Sully (PG-13, ****): Clint Eastwood directs this solid, sometimes harrowing dramatization of the Miracle on the Hudson, when pilot Chesley Sullenberger became an overnight hero for his astonishing water landing of a failing passenger jet. Sully saved the lives of 155 people, turning him into America’s surrogate grandpa. Eastwood and screenwriter Todd Komarnicki overcome the structural challenges of fashioning a movie around a single 209-second event by showing the crash-landing twice, once from multiple perspectives and then again at the end from the cockpit view of the movie’s publicity-averse hero (played nicely by Tom Hanks, perfectly cast). In between, Eastwood moves through time to show how Sully copes with the sudden fame and scrutiny from an improbably villainous Federal Aviation Administration review board. Though it never does much with supporting characters like Sully’s wife (Laura Linney) or his trusty copilot (Aaron Eckhart), the movie nicely captures what makes Sully the ideal American hero: a humble citizen who’s great at his job, and who knows all the rules but uses a dash of maverick ingenuity to transcend the boundaries of what we perceive as possible. The film is a fine, fitting tribute.
Also in or Coming to Local Theaters
Bad Moms (R): Kristen Bell, Mila Kunis, and Kathryn Hahn costar as a trio of overworked mothers whose attempt to let off a little steam goes haywire in this comedy also featuring Christina Applegate, Jada Pinkett Smith, and Wendell Pierce.
Bridget Jones’s Baby (R): The third installment of the once wildly popular British rom-com series finds our heroine (Renée Zellweger) unexpectedly pregnant and torn between Darcy (Colin Firth) and a new bloke (Patrick Dempsey).
> Deepwater Horizon (PG-13): A somber, Funky Bunch-less Marky Mark stars in Peter Berg’s dramatization of the explosion aboard the titular oil rig, which led to the catastrophic oil spill that poisoned the Gulf Coast. Featuring Kurt Russell, John Malkovich, Dylan O’Brien, and Kate Hudson.
< The Hollars (PG-13): John Krasinski (The Office) directs and stars in this movie about a man who returns to his small hometown— and dysfunctional family— when his mother develops brain cancer. (Wissmann)
> To Joey, With Love (NR): Faith-based documentary about Joey and Rory Feek, a husband-and-wife musical duo who put their careers on hold to care for their handicapped baby daughter.
The Magnificent Seven (PG-13): Denzel Washington leads six other gunslingers in Antoine Fuqua’s remake of the American remake of Akira Kurosawa’s Seven Samurai. Washington partners up with Chris Pratt and Ethan Hawke among others to stop evil businessman Peter Sarsgaard from terrorizing a small town.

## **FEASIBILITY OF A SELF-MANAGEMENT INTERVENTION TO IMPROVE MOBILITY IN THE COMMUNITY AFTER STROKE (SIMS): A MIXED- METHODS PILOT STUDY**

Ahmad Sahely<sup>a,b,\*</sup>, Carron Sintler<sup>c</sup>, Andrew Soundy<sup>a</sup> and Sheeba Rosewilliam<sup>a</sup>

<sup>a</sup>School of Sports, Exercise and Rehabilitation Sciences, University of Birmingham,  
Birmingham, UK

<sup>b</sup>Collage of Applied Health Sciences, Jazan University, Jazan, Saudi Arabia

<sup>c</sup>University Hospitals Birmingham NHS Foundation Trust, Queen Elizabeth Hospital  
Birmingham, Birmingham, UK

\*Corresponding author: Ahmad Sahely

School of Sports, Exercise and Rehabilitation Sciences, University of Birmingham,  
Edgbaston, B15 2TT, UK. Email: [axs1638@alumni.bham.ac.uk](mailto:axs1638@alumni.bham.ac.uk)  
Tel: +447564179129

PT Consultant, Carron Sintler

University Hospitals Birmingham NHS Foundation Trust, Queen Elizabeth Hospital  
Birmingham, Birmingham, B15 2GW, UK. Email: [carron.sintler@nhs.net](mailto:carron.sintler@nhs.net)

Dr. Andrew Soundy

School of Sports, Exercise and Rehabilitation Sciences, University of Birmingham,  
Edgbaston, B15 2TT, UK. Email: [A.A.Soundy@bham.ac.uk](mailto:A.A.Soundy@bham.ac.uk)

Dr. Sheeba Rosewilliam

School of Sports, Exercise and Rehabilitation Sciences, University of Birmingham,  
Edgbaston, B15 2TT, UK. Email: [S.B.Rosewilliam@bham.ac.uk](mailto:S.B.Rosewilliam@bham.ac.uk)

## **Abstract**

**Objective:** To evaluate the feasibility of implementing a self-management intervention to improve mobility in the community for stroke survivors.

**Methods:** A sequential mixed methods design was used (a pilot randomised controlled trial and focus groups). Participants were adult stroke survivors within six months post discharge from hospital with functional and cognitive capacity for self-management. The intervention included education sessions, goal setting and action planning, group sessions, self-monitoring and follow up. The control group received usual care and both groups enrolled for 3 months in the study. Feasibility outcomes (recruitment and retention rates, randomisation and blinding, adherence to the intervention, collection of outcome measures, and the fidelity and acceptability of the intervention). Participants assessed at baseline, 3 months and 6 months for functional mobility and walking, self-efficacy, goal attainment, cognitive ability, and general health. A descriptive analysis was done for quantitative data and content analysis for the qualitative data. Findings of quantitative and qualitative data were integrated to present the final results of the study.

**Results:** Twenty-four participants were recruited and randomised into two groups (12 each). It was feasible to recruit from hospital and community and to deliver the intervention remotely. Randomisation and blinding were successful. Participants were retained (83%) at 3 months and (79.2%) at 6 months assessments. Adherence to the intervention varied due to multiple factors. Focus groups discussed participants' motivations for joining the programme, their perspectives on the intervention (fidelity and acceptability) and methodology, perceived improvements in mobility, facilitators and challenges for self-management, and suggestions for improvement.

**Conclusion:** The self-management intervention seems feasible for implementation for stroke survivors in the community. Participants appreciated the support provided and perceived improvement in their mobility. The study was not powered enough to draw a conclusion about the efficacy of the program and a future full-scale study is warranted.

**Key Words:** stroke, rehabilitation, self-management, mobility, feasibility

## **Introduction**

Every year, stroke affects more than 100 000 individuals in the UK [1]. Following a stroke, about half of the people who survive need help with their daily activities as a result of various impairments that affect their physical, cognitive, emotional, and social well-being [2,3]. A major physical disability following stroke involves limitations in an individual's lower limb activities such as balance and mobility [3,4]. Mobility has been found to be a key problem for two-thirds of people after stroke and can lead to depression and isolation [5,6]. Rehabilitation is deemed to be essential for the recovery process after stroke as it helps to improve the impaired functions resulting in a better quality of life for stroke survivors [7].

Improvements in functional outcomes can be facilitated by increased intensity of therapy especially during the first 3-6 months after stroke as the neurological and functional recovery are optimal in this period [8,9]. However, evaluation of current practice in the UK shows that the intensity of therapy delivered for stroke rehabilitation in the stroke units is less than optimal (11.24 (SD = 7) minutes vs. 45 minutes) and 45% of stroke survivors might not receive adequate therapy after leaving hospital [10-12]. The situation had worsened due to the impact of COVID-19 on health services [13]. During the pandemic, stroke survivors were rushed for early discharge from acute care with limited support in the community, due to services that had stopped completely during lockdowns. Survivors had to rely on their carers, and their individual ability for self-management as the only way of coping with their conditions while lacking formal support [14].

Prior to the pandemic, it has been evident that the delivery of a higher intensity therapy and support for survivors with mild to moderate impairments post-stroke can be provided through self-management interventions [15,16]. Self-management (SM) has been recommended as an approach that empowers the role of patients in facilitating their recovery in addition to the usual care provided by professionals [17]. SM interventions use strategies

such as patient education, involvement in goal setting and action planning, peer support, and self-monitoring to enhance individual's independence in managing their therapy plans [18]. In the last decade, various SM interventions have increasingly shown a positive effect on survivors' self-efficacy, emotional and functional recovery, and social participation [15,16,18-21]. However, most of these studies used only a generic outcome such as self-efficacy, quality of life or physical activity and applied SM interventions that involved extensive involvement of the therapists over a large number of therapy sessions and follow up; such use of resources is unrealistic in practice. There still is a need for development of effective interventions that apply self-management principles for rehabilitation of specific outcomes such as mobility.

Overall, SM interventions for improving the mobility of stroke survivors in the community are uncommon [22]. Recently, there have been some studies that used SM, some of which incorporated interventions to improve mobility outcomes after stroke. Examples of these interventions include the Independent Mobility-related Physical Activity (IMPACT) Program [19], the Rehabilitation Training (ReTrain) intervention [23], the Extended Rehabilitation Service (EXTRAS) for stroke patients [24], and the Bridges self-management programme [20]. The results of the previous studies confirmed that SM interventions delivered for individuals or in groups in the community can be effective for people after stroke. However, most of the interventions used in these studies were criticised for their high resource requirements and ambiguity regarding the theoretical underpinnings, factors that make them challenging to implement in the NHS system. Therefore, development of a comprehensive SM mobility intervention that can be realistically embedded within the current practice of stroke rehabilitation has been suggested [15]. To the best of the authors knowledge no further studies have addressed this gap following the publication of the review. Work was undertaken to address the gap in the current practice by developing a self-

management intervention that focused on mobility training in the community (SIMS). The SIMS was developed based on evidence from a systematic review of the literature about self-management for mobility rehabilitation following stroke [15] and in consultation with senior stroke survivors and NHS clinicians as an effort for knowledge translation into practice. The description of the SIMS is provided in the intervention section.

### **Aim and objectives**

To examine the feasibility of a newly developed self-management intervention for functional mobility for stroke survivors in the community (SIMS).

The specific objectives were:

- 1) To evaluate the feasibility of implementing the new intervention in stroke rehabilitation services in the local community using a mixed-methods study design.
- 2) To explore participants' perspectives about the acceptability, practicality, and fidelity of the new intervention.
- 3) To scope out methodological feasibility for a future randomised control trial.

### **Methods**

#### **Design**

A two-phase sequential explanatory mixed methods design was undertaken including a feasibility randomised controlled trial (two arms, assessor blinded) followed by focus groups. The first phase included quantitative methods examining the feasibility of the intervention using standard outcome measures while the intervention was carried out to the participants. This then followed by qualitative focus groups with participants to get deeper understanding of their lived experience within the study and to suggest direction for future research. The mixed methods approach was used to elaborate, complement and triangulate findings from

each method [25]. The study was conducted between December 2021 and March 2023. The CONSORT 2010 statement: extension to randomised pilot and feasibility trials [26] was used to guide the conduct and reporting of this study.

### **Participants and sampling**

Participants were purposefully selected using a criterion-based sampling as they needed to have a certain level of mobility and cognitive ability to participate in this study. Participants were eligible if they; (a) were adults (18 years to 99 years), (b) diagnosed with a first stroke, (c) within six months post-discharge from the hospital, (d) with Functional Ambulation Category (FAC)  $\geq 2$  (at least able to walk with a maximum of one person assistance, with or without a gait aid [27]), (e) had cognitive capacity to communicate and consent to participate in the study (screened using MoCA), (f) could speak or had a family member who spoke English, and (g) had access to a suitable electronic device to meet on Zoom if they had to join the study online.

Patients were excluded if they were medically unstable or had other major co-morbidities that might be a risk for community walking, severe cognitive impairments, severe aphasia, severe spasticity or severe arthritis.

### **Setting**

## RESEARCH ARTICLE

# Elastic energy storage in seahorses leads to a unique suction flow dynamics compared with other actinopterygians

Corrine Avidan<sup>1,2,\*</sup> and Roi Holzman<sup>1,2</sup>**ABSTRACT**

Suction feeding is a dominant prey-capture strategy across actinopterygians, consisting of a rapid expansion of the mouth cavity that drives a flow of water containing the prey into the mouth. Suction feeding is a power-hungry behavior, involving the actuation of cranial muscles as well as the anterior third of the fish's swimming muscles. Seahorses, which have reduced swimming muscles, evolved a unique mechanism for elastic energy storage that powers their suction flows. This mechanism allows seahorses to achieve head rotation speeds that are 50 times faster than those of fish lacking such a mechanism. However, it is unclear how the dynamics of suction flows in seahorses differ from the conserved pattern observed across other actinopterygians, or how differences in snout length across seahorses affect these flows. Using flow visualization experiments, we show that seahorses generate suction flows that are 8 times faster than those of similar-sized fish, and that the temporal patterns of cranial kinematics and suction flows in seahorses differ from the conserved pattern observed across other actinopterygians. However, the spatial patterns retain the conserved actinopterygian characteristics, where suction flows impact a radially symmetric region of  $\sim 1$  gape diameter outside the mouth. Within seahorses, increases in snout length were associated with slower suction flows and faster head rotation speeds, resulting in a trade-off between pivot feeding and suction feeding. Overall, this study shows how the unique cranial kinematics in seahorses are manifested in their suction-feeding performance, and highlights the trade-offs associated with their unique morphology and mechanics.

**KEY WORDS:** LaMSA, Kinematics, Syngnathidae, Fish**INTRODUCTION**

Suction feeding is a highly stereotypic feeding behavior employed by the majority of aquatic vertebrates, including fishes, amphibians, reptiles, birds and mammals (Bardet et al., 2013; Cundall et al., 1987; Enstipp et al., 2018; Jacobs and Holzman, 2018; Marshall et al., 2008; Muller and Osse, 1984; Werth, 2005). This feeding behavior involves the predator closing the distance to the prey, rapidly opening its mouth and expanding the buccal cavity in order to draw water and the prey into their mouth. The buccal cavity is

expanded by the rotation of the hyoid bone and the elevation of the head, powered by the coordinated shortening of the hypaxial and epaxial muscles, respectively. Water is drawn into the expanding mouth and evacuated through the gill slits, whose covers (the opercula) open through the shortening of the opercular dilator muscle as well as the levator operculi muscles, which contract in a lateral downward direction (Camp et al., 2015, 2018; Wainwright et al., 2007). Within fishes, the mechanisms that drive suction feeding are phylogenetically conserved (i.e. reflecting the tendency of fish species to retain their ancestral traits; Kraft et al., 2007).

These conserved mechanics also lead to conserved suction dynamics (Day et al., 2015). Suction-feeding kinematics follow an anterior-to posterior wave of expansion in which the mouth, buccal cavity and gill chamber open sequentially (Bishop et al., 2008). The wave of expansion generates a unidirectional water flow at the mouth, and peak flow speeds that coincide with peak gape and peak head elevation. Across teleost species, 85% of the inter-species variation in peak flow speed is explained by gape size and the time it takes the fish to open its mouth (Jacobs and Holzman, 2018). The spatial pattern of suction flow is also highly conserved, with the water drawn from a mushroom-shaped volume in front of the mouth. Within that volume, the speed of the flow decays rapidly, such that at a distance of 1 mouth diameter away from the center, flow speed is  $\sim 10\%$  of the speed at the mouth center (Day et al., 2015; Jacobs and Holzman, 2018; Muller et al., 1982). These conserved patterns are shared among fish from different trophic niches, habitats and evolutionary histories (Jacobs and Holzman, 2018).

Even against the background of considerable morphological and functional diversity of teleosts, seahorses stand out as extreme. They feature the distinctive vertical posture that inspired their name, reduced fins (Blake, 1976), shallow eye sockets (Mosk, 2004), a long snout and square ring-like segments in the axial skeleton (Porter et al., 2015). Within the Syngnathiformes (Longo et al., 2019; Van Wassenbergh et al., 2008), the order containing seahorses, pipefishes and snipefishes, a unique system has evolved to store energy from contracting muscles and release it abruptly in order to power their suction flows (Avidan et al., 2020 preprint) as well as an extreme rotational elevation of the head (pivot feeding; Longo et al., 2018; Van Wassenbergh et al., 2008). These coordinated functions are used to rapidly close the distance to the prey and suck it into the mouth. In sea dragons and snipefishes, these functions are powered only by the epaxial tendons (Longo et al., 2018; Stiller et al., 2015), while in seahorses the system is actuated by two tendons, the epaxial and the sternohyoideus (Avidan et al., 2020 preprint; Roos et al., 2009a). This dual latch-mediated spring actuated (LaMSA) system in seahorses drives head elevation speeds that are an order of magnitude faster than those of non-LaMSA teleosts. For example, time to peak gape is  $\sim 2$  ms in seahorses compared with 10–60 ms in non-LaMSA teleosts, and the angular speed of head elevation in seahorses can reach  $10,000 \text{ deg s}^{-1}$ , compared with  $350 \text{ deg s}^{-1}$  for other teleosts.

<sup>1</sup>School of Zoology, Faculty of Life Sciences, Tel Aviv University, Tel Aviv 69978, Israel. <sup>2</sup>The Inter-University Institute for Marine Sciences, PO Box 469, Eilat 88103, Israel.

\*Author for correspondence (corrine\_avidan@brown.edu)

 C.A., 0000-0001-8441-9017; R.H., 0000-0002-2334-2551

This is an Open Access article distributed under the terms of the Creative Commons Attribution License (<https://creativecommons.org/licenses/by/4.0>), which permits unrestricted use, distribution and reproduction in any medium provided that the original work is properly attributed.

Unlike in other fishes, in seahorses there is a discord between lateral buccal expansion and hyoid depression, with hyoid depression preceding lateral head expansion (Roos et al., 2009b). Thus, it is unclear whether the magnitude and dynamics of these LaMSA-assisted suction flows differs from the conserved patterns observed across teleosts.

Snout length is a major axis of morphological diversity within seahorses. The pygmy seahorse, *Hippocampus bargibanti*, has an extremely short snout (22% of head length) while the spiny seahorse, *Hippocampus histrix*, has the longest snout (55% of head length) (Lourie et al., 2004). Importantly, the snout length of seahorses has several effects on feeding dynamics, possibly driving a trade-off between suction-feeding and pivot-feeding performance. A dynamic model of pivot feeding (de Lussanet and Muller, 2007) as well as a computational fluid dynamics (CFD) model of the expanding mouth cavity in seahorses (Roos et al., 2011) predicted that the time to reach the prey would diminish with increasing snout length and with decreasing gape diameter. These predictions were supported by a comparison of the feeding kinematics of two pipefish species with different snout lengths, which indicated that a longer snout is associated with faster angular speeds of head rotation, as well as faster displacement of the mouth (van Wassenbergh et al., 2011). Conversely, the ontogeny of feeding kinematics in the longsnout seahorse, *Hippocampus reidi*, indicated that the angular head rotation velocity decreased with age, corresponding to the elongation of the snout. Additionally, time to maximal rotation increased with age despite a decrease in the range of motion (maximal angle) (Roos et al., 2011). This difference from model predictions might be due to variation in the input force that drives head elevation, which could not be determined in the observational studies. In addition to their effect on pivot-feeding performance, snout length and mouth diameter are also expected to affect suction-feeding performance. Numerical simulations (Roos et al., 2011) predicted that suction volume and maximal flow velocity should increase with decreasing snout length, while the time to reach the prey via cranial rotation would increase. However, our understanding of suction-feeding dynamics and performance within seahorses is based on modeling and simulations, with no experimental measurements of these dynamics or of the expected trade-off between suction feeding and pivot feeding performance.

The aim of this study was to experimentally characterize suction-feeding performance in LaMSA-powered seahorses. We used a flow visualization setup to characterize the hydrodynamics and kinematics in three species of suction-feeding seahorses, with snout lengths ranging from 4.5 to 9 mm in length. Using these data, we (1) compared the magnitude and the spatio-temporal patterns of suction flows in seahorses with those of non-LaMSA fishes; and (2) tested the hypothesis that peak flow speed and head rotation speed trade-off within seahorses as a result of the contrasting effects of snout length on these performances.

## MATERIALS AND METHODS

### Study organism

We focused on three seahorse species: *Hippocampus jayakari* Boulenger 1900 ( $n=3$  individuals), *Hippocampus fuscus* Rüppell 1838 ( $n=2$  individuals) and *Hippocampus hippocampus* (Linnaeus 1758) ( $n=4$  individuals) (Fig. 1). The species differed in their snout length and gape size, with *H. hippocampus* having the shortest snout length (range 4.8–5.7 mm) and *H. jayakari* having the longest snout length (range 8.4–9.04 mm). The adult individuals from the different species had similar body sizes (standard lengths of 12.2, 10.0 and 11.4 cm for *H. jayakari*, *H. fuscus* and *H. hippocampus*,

> Masterminds (PG-13): Napoleon Dynamite director Jared Hess helms this comedy about a bumbling guard (Zach Galifianakis) of an armored car who decides to pull an inside job to steal a load of cash. Featuring Kristen Wiig, Jason Sudeikis, Owen Wilson, and Kate McKinnon.
> Miss Peregrine’s Home for Peculiar Children (PG-13): Tim Burton directs this adaptation of Ransom Riggs’s popular young-adult novel about a haven for mysteriously powerful children and their place in a larger, mind-bending conflict. Like spooky twee X-Men. Starring Asa Butterfield, Eva Green, Samuel L. Jackson, Judi Dench, Terence Stamp, and Allison Janney.
The Secret Life of Pets (PG): In this computer-animated comedy, housepets only reveal their sophisticated emotions and intellects when their owners are away. Louis C.K. voices Max, top dog in his household until his owner brings in an annoying new pup (Eric Stonestreet). Featuring the voices of Albert Brooks, Kevin Hart, Lake Bell, Ellie Kemper, Jenny Slate, Dana Carvey, and Steve Coogan.
Storks (PG): Now consigned to delivering packages instead of people, a group of storks are confounded when tasked with bringing an actual baby home in this computer-animated family comedy featuring the voices of Andy Samberg, Jennifer Aniston, Ty Burrell, Kelsey Grammer, Key and Peele, and more. From Forgetting Sarah Marshall’s Nick Stoller.
When the Bough Breaks (PG-13): Thriller about a surrogate (Jaz Sinclair) who becomes fixated on the husband (Morris Chestnut) whose baby she’s carrying. Featuring Regina Hall, Romany Malco, Michael Kenneth Williams, and presumably a dog-eared script of The Hand That Rocks the Cradle.
< The Wild Life (Robinson Crusoe) (PG): Animated retelling of the story of Robinson Crusoe as told from the perspective of a parrot.